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Sequences of pyramidal numbers (1).

Abstract Shyam Sunder Gupta [4] has defined Smarandache consecutive and reversed Smarandache sequences of Triangular numbers. Delfim F.M.Torres and Viorica Teca [1] have further investigated these sequences and defined mirror and symmetric Smarandache sequences of Triangular numbers making use of Maple system. One of the authors A.S.Muktibodh [2] working on the same lines has defined and investigated consecutive, reversed, mirror and symmetric Smarandache sequences of pentagonal numbers of dimension 2 using the Maple system. In this paper we have defined and investigated the s-consecutive, s-reversed, s-mirror and s-symmetric sequences of Pyramidal numbers (Triangular numbers of dimension 3.) using Maple 6.

[section] 1. Introduction

Figurate number is a number which can be represented by a regular geometrical arrangement of equally spaced points. If the arrangement forms a regular polygon the number is called a polygonal number. Different figurate sequences are formed depending upon the dimension we consider. Each dimension gives rise to a system of figurate sequences which are infinite in number.

In this paper we consider a figurate sequence of Triangular numbers of dimension 3, also called as Pyramidal numbers.

The nth Pyramidal number [t.sub.n], n [member of] N is defined by:

[t.sub.n] = n(n+1)(n+2) / 6

We can obtain the first k terms of Pyramidal numbers in Maple as;
> t := n->(1/6)*n*(n+1)*(n+2):
> first :+ k -> seq (t(n), n=1 ... 20):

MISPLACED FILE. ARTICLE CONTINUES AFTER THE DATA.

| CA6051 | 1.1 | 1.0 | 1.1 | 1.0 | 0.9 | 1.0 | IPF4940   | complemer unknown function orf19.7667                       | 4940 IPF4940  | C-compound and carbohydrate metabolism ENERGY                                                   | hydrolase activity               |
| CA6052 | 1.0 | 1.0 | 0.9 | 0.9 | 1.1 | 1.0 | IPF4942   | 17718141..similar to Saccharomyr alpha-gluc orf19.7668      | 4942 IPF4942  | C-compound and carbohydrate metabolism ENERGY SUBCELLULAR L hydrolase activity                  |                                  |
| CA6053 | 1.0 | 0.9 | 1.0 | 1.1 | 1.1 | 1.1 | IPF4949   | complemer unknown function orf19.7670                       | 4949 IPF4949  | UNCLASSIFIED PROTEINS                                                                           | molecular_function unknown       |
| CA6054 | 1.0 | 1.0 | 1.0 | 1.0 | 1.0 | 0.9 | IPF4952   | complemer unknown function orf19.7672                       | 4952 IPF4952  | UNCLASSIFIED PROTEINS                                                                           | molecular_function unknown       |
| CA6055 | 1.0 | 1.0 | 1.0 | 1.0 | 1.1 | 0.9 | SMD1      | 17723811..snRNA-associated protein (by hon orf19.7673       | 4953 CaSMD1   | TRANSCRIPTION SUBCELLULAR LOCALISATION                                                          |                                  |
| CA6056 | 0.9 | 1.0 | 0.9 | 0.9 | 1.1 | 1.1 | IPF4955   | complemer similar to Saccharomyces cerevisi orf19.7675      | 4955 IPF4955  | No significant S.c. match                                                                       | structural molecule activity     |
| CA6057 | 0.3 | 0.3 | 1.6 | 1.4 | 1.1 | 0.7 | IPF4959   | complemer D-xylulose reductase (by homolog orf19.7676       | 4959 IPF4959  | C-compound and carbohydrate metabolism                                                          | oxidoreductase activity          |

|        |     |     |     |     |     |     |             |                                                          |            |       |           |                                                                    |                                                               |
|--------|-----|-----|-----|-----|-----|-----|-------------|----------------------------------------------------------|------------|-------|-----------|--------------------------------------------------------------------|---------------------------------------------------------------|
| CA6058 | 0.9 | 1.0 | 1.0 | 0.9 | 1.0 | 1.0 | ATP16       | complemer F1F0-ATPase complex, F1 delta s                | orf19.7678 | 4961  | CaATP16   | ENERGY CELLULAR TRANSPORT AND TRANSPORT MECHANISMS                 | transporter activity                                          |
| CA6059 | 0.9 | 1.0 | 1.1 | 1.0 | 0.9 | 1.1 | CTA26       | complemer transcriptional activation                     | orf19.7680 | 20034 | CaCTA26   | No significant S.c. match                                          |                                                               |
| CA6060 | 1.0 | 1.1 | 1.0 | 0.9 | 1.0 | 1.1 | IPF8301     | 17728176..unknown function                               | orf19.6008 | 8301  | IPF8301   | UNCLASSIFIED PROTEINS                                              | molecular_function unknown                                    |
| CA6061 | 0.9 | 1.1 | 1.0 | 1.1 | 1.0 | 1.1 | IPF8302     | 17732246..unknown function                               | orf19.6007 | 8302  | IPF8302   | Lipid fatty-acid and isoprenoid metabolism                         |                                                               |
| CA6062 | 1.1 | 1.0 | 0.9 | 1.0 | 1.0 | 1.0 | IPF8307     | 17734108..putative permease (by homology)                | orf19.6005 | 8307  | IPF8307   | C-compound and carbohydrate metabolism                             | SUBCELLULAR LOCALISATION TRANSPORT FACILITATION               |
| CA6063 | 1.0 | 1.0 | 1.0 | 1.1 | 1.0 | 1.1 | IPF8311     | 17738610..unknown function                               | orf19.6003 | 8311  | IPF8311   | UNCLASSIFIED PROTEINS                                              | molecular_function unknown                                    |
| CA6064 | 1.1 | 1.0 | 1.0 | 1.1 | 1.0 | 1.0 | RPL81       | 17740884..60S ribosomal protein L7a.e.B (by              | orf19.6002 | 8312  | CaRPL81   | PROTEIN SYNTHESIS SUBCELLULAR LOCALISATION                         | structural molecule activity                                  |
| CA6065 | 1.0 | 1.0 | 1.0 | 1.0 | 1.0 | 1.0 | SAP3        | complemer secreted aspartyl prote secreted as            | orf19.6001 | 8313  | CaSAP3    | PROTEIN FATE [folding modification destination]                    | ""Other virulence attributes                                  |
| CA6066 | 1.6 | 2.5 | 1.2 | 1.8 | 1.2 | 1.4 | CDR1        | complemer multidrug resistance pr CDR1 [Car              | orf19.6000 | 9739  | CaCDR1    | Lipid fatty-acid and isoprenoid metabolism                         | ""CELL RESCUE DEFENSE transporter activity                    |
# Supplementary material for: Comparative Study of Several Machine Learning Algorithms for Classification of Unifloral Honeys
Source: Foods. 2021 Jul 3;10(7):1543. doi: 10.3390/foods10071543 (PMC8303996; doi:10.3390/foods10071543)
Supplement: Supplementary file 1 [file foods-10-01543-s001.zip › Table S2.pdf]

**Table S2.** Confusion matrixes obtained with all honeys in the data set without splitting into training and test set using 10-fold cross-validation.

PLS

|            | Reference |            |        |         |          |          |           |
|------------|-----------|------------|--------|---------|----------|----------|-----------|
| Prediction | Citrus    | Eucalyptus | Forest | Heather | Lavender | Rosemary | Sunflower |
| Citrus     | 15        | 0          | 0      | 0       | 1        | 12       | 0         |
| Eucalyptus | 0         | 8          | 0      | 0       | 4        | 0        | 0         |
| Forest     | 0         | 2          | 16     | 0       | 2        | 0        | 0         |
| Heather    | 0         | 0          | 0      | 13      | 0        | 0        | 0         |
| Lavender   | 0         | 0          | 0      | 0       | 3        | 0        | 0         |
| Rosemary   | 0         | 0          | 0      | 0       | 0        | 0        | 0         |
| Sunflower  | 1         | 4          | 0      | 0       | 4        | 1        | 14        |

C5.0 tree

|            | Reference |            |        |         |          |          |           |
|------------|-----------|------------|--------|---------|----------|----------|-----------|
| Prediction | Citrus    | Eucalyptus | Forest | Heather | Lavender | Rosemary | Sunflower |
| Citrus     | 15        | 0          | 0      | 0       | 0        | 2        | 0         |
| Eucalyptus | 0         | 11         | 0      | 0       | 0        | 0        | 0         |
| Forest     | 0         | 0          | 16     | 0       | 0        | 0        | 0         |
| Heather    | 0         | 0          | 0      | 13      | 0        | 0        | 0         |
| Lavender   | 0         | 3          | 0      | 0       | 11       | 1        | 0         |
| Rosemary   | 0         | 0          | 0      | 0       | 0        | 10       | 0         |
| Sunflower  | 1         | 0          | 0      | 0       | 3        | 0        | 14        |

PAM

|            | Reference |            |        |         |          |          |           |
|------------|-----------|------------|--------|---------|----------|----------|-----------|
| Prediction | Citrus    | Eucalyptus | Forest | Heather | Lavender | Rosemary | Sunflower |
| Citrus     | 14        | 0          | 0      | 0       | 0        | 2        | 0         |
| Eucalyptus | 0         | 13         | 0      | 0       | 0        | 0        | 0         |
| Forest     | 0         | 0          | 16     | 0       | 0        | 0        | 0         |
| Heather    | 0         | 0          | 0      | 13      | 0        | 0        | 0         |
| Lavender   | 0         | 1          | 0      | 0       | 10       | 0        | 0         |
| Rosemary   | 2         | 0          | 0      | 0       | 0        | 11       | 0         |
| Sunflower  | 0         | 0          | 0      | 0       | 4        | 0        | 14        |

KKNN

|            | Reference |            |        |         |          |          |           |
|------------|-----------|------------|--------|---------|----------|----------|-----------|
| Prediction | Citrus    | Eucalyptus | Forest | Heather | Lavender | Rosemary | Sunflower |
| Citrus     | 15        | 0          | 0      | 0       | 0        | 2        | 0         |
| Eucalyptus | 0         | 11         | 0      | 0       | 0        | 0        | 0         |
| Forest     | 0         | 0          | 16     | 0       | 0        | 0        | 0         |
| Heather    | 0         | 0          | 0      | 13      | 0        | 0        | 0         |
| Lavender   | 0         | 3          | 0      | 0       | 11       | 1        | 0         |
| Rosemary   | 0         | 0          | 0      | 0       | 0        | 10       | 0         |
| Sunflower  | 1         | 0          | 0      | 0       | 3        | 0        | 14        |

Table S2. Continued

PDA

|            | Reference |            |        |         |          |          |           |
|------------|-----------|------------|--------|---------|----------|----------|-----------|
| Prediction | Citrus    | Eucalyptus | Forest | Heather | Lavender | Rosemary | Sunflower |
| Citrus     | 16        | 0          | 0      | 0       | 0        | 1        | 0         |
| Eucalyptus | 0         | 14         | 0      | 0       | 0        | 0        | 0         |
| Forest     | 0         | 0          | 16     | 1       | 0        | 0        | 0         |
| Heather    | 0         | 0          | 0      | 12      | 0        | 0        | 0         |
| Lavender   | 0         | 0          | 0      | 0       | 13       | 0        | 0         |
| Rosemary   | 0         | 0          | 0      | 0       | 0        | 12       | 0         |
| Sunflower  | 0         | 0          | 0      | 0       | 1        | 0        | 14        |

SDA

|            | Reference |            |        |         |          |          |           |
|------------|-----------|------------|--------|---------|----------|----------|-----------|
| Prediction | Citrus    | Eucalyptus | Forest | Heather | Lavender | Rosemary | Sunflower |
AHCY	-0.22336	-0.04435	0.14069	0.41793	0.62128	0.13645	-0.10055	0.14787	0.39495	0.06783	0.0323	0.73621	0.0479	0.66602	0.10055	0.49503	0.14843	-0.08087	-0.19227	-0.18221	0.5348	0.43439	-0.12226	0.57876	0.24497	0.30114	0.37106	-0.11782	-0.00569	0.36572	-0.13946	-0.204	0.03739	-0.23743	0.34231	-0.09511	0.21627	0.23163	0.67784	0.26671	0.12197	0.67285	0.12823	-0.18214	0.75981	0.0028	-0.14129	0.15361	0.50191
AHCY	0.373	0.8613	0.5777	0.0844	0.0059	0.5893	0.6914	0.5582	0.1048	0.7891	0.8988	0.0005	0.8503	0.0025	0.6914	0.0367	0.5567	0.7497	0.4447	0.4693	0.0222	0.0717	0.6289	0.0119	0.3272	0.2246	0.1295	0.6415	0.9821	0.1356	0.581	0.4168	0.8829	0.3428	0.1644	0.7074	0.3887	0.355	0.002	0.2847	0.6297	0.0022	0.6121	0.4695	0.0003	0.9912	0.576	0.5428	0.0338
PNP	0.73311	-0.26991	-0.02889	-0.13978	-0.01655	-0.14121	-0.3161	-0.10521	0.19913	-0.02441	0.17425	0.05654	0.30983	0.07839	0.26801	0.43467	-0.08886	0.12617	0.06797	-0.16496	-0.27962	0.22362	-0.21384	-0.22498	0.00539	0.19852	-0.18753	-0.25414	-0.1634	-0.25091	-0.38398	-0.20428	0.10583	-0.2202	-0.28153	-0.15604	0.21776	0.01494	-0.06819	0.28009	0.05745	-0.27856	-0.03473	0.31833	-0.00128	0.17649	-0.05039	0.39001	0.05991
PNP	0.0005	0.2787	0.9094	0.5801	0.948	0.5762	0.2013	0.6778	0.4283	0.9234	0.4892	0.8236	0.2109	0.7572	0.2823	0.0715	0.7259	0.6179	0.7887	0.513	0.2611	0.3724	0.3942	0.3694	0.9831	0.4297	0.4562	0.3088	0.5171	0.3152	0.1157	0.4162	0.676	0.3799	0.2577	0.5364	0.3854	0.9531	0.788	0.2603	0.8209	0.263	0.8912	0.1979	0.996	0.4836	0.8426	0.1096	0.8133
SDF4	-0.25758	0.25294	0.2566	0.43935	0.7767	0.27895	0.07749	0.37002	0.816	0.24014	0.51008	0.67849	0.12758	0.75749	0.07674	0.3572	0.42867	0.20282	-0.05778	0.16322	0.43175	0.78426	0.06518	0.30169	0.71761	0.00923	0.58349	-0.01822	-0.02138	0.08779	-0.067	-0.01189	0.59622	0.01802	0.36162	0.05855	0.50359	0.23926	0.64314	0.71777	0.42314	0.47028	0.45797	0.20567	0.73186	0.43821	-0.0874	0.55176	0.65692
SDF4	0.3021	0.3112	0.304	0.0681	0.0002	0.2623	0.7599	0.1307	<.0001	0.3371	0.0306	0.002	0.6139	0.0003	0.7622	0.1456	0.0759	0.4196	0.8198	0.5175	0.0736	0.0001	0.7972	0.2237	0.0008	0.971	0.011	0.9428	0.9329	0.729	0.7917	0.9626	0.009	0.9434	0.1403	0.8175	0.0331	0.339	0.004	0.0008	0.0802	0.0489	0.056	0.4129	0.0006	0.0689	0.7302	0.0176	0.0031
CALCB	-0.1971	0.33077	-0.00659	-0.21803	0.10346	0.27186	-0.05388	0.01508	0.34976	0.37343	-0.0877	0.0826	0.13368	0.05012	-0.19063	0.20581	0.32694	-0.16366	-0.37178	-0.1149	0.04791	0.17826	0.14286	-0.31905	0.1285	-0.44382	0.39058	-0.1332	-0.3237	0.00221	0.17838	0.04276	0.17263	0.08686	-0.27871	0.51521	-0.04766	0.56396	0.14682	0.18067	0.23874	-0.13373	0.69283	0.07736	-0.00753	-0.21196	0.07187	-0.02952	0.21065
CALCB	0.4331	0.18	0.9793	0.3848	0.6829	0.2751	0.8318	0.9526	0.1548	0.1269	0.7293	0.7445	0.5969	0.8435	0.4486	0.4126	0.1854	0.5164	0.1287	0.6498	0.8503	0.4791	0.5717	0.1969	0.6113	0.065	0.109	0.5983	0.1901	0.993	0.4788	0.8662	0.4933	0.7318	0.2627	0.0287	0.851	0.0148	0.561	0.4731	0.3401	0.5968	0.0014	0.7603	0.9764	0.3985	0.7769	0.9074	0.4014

> first(20);

 1, 4, 10, 20, 35, 56, 84, 120, 165, 220, 286, 364, 455, 560, 680,
 816, 969, 1140, 1330, 1540


Note that

[MATHEMATICAL EXPRESSION NOT REPRODUCIBLE IN ASCII.]

and

[MATHEMATICAL EXPRESSION NOT REPRODUCIBLE IN ASCII.] (20)

Combining(17), (19) and (20), we get

[MATHEMATICAL EXPRESSION NOT REPRODUCIBLE IN ASCII.]

with

[MATHEMATICAL EXPRESSION NOT REPRODUCIBLE IN ASCII.]

which has a Dirichlet series expansion, absolutely convergent for [??]s > 1/5.

By Lemma 1, for Rs > 1 we have,

[MATHEMATICAL EXPRESSION NOT REPRODUCIBLE IN ASCII.] (21)

where

[MATHEMATICAL EXPRESSION NOT REPRODUCIBLE IN ASCII.] (22)

[MATHEMATICAL EXPRESSION NOT REPRODUCIBLE IN ASCII.] (23)

For constructing Smarandache sequence of Pyramidal numbers we use the operation of concatenation on the terms of the above sequence.This operation is defined as ;

> conc :=(n,m)-> n*10^length(m)+m:

We define Smarandache consecutive sequence {[scs.sub.n]} for Pyramidal numbers recursively as;
[scs.sub.1] = [u.sub.1],
[scs.sub.n] = conc([scs.sub.n-1], [u.sub.n])


Using MapleWe have obtained first 20 terms of Smarandache consecutive sequence of Pyramidal numbers;
>conc :=(n,m)-> n*10^length(m)+m:
> scs_n := (u,n)-> if n = 1 then u(1)else conc(scs_n(u,n-1),u(n))fi:
> scs := (u,n)-> seq (scs_n(u,i),i=1 ... n):
> scs(t,20);

 1, 14, 1410, 141020, 1402035, 1410203556, 141020355684,
 141020355684120, 141020355684120165, 141020355684120165220,
 141020355684120165220286, 141020355684120165220286364,
 141020355684120165220286364455,
 14102035568412016522028636445560,
 14102035568412016522028636445560680,
 14102035568412016522028636445560680816,
 14102035568412016522028636445560680816969,
 141020355684120165220286364455606808169691140,
 1410203556841201652202863644556068081696911401330,
 14102035568412016522028636445560680816969114013301540,